The inspiration for Stephen King’s The Shining, The Stanley Hotel’s haunted lore is alluring indeed, with guests checking in to spend the night among the spirits that roam its halls. Visitors often report the presence of ghosts of service workers past, while plenty of creaky wood gives a thrill to those in search of hair-raising encounters. A warning: screams are a bit of a challenge here, as the hotel’s high elevation (7522ft) puts you in dizzyingly thin air.

Huguenot Cemetery, a Protestant Cemetery in St Augustine, Florida, USA
The Huguenot Cemetery in St Augustine was were victims of yellow fever were laid to rest © melissamn / Shutterstock

Huguenot Cemetery, St Augustine, Florida

The oldest city settled by Europeans in the USA, St Augustine dates back to 1585 – so you better believe there are spirits that linger throughout the area. Start with a tour of the Huguenot Cemetery, a hallowed ground since 1821, where many victims of yellow fever were laid to rest. The cemetery is estimated to hold 436 bodies, a number capped in 1884 when it reached capacity – and ghost sightings are reported at all times of the day and night. Be on the lookout for the cemetery’s most famous ghost: the spirit of Judge John B Stickney, a beloved St Augustine denizen who died of yellow fever in 1882.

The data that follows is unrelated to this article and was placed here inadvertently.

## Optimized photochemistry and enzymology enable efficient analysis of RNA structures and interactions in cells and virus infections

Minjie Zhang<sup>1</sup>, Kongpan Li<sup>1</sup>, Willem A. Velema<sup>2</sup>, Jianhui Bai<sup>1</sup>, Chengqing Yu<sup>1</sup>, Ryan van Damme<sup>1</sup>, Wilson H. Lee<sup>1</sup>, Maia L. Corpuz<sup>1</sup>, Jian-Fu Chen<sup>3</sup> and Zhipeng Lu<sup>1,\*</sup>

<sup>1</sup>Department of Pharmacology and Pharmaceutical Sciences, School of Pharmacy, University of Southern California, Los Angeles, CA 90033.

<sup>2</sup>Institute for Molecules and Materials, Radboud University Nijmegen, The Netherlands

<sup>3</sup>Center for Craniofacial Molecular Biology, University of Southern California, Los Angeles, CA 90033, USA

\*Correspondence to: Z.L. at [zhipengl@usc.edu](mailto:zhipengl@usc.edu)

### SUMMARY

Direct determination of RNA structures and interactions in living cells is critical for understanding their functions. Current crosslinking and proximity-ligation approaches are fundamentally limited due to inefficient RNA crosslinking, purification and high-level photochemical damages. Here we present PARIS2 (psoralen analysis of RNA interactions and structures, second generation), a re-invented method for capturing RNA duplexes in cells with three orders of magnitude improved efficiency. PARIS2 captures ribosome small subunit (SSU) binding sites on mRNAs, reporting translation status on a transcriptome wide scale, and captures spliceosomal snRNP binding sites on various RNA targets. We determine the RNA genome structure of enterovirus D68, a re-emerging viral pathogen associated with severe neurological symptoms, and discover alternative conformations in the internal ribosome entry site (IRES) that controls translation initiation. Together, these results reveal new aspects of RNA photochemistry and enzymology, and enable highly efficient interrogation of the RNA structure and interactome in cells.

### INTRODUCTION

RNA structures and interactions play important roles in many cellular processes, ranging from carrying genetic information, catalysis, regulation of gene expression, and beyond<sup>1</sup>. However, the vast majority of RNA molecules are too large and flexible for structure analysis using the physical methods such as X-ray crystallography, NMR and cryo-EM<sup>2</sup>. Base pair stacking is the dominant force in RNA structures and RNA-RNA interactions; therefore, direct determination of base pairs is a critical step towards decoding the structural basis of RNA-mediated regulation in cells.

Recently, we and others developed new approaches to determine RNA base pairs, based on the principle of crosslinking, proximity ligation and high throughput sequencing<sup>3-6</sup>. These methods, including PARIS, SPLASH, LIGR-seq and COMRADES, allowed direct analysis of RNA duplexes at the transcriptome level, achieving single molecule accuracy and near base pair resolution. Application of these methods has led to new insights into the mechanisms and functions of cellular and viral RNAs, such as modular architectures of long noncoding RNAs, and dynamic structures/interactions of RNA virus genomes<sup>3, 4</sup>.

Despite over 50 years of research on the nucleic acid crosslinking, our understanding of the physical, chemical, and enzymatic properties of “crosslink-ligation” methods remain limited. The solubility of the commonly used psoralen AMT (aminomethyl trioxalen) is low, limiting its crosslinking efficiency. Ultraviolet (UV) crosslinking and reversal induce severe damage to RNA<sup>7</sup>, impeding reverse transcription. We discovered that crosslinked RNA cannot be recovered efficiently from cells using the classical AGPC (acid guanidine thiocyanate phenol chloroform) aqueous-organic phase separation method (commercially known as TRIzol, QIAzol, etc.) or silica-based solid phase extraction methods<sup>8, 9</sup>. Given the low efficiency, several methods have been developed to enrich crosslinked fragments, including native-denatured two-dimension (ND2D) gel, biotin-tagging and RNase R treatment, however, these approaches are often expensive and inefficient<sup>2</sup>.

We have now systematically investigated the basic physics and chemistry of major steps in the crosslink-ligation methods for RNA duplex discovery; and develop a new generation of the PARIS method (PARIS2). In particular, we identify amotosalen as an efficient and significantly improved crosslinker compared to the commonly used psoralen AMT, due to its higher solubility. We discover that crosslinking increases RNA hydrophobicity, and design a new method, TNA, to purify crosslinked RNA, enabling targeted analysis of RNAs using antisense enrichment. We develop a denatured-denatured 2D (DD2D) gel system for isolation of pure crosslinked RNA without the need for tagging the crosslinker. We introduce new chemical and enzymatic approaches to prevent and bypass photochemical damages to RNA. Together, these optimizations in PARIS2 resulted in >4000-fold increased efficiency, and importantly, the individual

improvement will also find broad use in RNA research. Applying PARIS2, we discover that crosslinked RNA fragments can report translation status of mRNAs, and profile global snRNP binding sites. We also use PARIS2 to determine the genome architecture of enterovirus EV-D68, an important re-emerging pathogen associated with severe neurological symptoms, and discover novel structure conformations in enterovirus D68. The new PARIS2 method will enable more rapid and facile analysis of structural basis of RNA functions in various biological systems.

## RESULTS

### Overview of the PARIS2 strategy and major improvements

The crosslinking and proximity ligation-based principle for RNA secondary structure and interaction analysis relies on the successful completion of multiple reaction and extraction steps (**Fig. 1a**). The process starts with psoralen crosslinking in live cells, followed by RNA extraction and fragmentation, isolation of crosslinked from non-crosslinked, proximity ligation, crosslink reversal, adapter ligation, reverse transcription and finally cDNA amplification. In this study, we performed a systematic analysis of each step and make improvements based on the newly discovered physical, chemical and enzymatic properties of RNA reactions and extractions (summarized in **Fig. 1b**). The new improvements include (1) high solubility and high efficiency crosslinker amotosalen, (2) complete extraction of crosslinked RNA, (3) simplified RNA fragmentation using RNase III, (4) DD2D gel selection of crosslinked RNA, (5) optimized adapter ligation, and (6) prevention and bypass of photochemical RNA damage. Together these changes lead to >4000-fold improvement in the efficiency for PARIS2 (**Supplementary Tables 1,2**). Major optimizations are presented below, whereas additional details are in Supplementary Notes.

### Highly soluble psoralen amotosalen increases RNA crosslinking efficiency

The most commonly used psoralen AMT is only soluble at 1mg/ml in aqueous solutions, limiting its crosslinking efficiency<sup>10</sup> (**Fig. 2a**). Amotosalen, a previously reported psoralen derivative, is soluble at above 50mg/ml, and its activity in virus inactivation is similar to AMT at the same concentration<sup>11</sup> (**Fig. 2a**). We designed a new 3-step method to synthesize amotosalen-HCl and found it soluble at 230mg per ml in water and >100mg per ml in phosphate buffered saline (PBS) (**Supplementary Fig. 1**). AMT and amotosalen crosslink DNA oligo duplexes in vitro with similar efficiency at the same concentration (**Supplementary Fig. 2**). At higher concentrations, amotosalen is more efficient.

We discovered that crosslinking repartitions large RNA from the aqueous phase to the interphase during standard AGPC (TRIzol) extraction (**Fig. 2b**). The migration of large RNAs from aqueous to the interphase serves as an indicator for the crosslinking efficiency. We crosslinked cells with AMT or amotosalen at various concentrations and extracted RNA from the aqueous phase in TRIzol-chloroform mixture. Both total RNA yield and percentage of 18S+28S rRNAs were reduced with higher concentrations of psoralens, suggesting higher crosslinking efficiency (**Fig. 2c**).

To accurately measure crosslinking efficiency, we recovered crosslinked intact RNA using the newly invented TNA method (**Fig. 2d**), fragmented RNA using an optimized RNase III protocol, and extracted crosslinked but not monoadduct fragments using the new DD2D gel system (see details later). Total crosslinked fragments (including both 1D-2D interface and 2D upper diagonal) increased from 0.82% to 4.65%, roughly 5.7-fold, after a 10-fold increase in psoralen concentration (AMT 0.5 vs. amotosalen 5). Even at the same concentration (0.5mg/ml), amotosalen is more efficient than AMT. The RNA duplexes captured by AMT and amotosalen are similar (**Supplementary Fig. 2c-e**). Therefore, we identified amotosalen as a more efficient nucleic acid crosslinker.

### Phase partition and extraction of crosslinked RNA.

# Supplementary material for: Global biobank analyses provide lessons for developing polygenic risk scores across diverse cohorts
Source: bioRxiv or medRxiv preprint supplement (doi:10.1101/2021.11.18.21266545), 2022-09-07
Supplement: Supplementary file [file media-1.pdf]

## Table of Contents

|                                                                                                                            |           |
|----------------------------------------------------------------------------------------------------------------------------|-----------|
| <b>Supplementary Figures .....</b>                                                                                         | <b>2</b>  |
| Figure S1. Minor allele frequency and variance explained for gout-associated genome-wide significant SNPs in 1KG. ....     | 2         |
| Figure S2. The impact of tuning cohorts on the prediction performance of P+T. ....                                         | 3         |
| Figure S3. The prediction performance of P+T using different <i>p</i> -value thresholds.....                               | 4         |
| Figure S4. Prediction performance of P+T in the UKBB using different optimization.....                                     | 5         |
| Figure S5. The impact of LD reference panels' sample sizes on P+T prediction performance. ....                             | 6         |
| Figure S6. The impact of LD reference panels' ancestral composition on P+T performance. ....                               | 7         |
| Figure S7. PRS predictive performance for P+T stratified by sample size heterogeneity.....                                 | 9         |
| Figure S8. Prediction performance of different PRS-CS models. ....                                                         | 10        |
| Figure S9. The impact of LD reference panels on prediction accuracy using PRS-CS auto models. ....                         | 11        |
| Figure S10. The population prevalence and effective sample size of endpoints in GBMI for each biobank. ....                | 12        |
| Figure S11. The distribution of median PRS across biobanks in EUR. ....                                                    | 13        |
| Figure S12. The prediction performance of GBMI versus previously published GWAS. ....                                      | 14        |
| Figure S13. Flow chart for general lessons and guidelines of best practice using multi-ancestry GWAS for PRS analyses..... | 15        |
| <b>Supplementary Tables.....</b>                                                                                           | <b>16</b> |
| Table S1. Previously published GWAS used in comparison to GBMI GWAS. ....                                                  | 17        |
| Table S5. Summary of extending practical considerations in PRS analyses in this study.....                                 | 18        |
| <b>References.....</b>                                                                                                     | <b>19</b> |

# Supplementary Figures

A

Barber chair in a decaying and empty prison cell in Eastern State Penitentiary, Philadelphia
A barber chair in a decaying and empty prison cell in Eastern State Penitentiary, Philadelphia © catnap72 / Getty Images

Eastern State Penitentiary, Philadelphia

In operation as a jail from 1829 through 1971, the Eastern State Penitentiary in Philadelphia now operates as one of the region’s most renowned haunted-house experiences. Tours of the building highlight the many famed criminals who once were confined within its thick walls, including Al Capone and Willie Sutton (who almost escaped via a tunnel). Halloween Nights are among the most popular times of year to visit – though the presence of prisoners past is reported year-round.